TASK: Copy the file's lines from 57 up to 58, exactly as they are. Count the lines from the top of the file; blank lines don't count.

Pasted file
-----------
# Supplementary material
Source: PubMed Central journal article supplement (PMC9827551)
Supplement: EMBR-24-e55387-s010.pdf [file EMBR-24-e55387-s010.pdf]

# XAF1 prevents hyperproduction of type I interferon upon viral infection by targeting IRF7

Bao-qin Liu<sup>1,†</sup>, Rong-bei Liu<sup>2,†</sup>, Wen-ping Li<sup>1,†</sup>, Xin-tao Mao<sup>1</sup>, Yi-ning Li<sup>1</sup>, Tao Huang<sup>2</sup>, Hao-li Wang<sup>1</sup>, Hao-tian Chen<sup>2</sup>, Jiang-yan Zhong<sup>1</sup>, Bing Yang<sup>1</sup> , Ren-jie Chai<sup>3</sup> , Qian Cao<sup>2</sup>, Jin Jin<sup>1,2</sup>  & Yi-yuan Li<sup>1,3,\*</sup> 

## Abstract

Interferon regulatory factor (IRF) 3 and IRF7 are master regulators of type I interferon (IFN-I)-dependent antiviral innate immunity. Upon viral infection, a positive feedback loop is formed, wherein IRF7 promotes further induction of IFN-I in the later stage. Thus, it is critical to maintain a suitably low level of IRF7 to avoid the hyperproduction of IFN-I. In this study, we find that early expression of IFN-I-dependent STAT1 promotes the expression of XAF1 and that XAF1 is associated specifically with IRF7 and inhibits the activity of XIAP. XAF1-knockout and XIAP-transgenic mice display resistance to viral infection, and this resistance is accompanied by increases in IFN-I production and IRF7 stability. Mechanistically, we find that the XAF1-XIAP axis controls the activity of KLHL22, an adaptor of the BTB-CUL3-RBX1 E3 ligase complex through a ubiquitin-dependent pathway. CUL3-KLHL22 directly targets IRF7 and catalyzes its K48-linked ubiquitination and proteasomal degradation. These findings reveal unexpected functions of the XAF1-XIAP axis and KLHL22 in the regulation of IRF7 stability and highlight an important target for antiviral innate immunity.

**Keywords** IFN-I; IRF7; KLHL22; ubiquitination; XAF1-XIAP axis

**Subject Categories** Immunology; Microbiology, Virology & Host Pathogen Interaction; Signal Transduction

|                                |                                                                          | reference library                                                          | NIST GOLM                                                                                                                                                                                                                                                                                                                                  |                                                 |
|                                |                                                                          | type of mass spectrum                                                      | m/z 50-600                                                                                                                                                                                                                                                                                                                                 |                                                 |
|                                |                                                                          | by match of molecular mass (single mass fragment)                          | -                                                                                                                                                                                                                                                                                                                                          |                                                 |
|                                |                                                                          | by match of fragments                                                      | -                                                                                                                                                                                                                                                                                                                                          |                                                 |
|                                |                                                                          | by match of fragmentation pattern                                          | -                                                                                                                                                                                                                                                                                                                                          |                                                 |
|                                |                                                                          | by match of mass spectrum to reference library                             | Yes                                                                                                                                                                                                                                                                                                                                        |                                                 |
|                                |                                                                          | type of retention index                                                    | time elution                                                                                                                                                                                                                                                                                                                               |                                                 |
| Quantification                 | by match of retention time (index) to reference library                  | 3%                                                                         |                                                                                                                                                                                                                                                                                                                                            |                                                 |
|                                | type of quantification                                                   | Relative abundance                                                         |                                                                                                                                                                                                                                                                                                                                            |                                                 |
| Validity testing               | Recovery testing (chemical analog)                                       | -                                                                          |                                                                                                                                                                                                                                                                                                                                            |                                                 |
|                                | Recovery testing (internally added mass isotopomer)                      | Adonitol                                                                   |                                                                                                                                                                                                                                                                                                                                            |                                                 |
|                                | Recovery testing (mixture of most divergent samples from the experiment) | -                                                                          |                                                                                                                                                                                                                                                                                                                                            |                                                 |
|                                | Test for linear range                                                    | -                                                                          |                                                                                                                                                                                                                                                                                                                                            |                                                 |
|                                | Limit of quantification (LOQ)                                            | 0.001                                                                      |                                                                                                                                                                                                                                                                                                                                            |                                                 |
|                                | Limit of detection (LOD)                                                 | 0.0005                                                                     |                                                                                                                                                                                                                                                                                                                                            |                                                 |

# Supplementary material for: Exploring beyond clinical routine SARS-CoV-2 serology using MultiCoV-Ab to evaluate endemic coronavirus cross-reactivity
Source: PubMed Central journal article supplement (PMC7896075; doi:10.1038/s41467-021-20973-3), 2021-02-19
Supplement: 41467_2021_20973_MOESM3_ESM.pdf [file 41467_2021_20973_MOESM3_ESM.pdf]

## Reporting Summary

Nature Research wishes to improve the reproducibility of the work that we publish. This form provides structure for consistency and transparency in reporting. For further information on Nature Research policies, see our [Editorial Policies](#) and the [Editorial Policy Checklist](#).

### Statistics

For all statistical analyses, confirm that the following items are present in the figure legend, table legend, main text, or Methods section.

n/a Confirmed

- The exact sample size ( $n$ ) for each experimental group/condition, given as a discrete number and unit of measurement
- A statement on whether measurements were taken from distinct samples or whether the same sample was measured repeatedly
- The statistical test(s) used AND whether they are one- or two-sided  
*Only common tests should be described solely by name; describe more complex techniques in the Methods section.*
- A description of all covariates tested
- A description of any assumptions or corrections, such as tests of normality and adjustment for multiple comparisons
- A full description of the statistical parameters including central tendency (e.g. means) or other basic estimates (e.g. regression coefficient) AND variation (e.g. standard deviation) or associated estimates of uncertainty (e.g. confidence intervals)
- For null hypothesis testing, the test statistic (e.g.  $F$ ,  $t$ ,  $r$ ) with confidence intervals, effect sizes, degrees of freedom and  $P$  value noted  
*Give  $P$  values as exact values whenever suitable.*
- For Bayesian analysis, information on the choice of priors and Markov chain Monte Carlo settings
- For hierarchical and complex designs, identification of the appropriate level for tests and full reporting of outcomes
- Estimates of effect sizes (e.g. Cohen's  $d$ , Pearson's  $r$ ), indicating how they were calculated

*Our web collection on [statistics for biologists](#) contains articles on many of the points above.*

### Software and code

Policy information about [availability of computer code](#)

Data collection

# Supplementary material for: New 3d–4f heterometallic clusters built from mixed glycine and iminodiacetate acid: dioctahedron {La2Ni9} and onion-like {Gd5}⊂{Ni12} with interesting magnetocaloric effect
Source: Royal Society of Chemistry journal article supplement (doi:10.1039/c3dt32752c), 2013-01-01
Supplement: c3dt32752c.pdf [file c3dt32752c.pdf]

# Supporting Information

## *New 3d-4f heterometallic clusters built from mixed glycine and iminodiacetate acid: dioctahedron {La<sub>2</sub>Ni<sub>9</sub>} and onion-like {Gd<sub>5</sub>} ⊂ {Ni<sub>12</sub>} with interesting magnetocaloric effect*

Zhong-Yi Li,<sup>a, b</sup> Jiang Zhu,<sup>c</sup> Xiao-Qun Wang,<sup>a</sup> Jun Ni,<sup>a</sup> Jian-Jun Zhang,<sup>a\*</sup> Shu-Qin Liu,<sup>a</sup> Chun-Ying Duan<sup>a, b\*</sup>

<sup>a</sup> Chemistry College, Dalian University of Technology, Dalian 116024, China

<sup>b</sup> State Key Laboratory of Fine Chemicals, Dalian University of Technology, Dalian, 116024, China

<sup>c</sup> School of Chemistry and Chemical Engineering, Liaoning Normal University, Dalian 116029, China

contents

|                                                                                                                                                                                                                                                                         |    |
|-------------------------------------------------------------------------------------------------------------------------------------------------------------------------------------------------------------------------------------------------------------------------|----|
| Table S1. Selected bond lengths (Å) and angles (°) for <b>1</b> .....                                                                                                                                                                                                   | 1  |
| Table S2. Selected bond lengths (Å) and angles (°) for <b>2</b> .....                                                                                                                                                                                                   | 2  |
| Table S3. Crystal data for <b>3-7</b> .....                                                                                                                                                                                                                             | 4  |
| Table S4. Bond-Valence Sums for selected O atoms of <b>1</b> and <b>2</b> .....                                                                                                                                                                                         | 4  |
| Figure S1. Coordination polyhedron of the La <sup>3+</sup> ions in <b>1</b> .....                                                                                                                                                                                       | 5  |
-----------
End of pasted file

<sup>c</sup> School of Chemistry and Chemical Engineering, Liaoning Normal University, Dalian 116029, China

contents